Why people hate lawyers: an overview

By J. DeVoy

Admittedly, the number of actual and prospective lawyers I deal with day-to-day is small: Satyriconistas, my friends at school and friends at other schools make up the bulk of those interactions.  When I venture out into the world, I realize that there’s this huge and unbearable class of lawyers and law students that give the rest of us a bad name.

Lawyers are neurotic, pedantic, disagreeable and egotistic people.  I admit that I am.  To some extent, lawyers are paid to be that way.  But, as with all groups of people, some are cool while most aren’t.  And, unfortunately, the uncool ones who think their conduct is entirely acceptable because of cordial silence from peers ruin it for the rest of us.  Yet, some of it is inevitable.

I. Lawyers are Obsessive About Status and Rankings.

This is the inevitable consequence of every aspect of a lawyer’s life, from undergraduate institution to law school and soon, firm, being ranked by US News & World Report.  There is the constant battle to go to a better school or a better firm and, concomitantly, command greater respect and admiration from peers.

The downside is that this fuels the obsessive part of the lawyer’s reptilian hindbrain, which is normally fixated on issues of comma placement and whether to use a term connotatively or denotatively.  Lawyers rank – not just rate, but rank – cars, beers, clothing and cities.  The extent to which this is done is relative to a lawyer or law student’s context; the truly clueless may debate Waukesha versus Wausau for BIGFAMILYLAW prospects, or the merits of Macy’s off-the-rack suits against JC Penney’s.  Moving up the scale, there’s debate between Brooks Brothers Outlet and Jos. A Banks, and whether Yeungling or Stella Artois is the more prestigious beer (to completely omit hyper-local microbrew snobbery).  At the top are furious clashes of titans over Brioni v. Kiton v. Rubinacci bespoke garments, which shipping company will most prestigiously hand-build your future yacht, and whether to purchase a flat in Paris, Hong Kong or Bonn.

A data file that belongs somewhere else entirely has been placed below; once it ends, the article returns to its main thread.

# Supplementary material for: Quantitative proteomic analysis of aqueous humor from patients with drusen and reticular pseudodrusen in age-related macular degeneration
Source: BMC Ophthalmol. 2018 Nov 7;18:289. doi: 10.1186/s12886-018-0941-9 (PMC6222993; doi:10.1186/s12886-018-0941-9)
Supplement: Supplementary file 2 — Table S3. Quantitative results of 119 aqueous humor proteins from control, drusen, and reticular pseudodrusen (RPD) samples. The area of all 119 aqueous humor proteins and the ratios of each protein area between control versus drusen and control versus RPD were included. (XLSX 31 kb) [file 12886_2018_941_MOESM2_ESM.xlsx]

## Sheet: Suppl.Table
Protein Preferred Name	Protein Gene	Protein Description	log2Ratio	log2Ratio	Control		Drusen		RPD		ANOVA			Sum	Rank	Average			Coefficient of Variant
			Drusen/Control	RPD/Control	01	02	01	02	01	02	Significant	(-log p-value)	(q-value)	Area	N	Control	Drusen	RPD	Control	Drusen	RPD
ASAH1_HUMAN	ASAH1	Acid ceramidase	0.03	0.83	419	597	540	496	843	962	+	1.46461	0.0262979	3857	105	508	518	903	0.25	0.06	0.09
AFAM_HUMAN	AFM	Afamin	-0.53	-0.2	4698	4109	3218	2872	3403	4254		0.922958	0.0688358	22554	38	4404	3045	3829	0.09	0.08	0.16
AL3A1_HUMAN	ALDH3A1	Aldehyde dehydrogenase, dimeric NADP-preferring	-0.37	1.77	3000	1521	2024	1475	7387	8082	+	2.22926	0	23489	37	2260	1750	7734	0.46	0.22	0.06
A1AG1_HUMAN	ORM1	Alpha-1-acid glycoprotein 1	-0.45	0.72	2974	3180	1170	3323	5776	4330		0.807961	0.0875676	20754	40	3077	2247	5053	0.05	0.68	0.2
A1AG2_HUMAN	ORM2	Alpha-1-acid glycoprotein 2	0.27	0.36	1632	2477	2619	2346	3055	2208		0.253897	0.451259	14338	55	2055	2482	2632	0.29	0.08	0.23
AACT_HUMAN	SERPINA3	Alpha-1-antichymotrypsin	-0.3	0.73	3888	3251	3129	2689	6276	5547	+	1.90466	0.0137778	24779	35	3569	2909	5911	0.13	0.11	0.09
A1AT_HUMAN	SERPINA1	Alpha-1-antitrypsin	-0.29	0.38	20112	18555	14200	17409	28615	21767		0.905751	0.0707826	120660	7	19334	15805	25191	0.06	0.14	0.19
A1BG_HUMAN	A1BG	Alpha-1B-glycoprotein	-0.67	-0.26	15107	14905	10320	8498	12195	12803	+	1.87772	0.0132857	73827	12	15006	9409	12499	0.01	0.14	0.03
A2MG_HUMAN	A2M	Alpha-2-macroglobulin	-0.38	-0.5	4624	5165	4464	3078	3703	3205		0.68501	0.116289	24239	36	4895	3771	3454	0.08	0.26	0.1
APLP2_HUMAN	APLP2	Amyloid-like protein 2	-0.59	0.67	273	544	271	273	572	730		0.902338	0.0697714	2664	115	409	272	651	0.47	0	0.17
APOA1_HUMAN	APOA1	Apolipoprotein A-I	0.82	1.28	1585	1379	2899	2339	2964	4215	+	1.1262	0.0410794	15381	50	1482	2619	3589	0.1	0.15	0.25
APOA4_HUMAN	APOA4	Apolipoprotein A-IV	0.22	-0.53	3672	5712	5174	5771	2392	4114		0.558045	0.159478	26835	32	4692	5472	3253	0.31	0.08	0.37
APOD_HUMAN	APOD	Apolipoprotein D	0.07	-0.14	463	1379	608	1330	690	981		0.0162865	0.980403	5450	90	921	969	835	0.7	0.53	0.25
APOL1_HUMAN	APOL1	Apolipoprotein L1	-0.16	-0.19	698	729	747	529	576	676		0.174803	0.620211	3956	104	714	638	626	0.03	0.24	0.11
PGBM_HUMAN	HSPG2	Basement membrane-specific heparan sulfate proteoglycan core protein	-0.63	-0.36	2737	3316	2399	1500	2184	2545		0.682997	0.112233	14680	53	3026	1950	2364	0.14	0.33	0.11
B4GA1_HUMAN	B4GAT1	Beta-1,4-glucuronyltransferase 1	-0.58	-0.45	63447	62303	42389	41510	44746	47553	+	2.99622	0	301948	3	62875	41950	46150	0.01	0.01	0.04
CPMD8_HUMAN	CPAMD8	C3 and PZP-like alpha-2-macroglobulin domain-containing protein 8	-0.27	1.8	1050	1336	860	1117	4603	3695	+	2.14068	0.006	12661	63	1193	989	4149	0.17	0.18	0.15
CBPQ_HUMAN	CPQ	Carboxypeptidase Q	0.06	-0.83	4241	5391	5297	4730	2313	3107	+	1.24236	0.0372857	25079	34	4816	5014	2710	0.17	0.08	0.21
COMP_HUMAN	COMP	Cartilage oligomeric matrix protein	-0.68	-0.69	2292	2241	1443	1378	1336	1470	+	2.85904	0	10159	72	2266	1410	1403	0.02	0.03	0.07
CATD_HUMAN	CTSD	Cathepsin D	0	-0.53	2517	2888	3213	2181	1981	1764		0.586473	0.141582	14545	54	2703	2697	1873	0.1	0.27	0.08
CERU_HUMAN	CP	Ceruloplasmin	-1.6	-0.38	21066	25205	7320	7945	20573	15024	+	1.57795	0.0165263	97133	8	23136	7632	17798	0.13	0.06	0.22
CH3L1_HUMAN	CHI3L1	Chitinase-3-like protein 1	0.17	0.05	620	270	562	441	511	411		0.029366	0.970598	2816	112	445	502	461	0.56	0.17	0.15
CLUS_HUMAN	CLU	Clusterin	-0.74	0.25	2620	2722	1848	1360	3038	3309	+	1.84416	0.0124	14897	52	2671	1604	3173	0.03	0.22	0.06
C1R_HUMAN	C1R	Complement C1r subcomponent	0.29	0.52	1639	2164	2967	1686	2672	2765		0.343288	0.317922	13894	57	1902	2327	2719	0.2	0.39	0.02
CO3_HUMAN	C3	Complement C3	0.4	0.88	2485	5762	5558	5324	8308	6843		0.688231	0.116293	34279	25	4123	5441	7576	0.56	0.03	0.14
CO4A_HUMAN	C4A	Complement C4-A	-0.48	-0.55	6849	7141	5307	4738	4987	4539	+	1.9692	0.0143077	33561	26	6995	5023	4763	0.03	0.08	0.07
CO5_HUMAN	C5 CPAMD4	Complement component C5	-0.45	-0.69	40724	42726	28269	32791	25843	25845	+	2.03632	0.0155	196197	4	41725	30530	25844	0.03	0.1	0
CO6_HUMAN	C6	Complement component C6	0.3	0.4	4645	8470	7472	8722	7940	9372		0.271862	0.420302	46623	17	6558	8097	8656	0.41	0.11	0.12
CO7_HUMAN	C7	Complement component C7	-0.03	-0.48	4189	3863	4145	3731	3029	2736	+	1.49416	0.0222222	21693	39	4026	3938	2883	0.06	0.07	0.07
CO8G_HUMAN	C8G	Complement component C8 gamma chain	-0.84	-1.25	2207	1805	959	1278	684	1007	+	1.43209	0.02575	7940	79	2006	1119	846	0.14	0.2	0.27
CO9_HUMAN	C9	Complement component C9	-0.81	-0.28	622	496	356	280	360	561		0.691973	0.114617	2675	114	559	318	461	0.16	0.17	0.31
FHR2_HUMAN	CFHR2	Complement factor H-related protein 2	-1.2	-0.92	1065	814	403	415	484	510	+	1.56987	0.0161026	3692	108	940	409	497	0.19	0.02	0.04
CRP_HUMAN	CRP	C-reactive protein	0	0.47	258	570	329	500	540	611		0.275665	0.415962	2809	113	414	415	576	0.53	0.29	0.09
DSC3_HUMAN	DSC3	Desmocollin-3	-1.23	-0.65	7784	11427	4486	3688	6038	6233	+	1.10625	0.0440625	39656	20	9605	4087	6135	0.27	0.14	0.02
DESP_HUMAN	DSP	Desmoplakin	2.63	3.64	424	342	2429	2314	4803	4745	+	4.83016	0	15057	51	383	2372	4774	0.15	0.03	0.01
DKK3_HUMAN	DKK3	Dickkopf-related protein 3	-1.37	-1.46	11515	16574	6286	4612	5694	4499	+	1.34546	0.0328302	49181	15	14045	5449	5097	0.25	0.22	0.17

Most of this is idiotic and ignores the wide berth of individual opinion on these subjects.  Rather than allowing for generalizations to be made, such as that cost affects quality in some areas (liquor, cars, clothing) and not others, an absolute truth – the blinding light of prestige in Plato’s cave – must be reached.  The identifying traits in all these interactions, however, are all the same: Everyone’s a douchebag, and everything’s trivial.

Then there’s the anti-status lawyer who, ironically, betrays his or her status obsession by belaboring how anti-status he or she is.  While arguably better than buying into the status game played by everyone else, it is still a form of status-whoring, using an anti-status and anti-establishment ethic as currency.

II. Asymmetries of Information Engender Resentment and Hatred.

Sun Tzu taught us that wars are won through deception and asymmetries of information.  Naturally, this engenders hatred in one’s opponent — deep, seething, soul-twisting hatred.

This problem is pervasive throughout society and rooted in ignorance.  Though it would be nice if it could be a problem neatly compartmentalized within the lumpenproletariat’s morlockian sub-earth, businesspeople and doctors all hate lawyers too.  In reality, none of these people know what lawyers *do,* but see the consequences of their actions in legal bills, increased insurance premiums, more guns, fewer guns, a need for tort reform, its inherent evil, or whatever jingoistic issue affects them.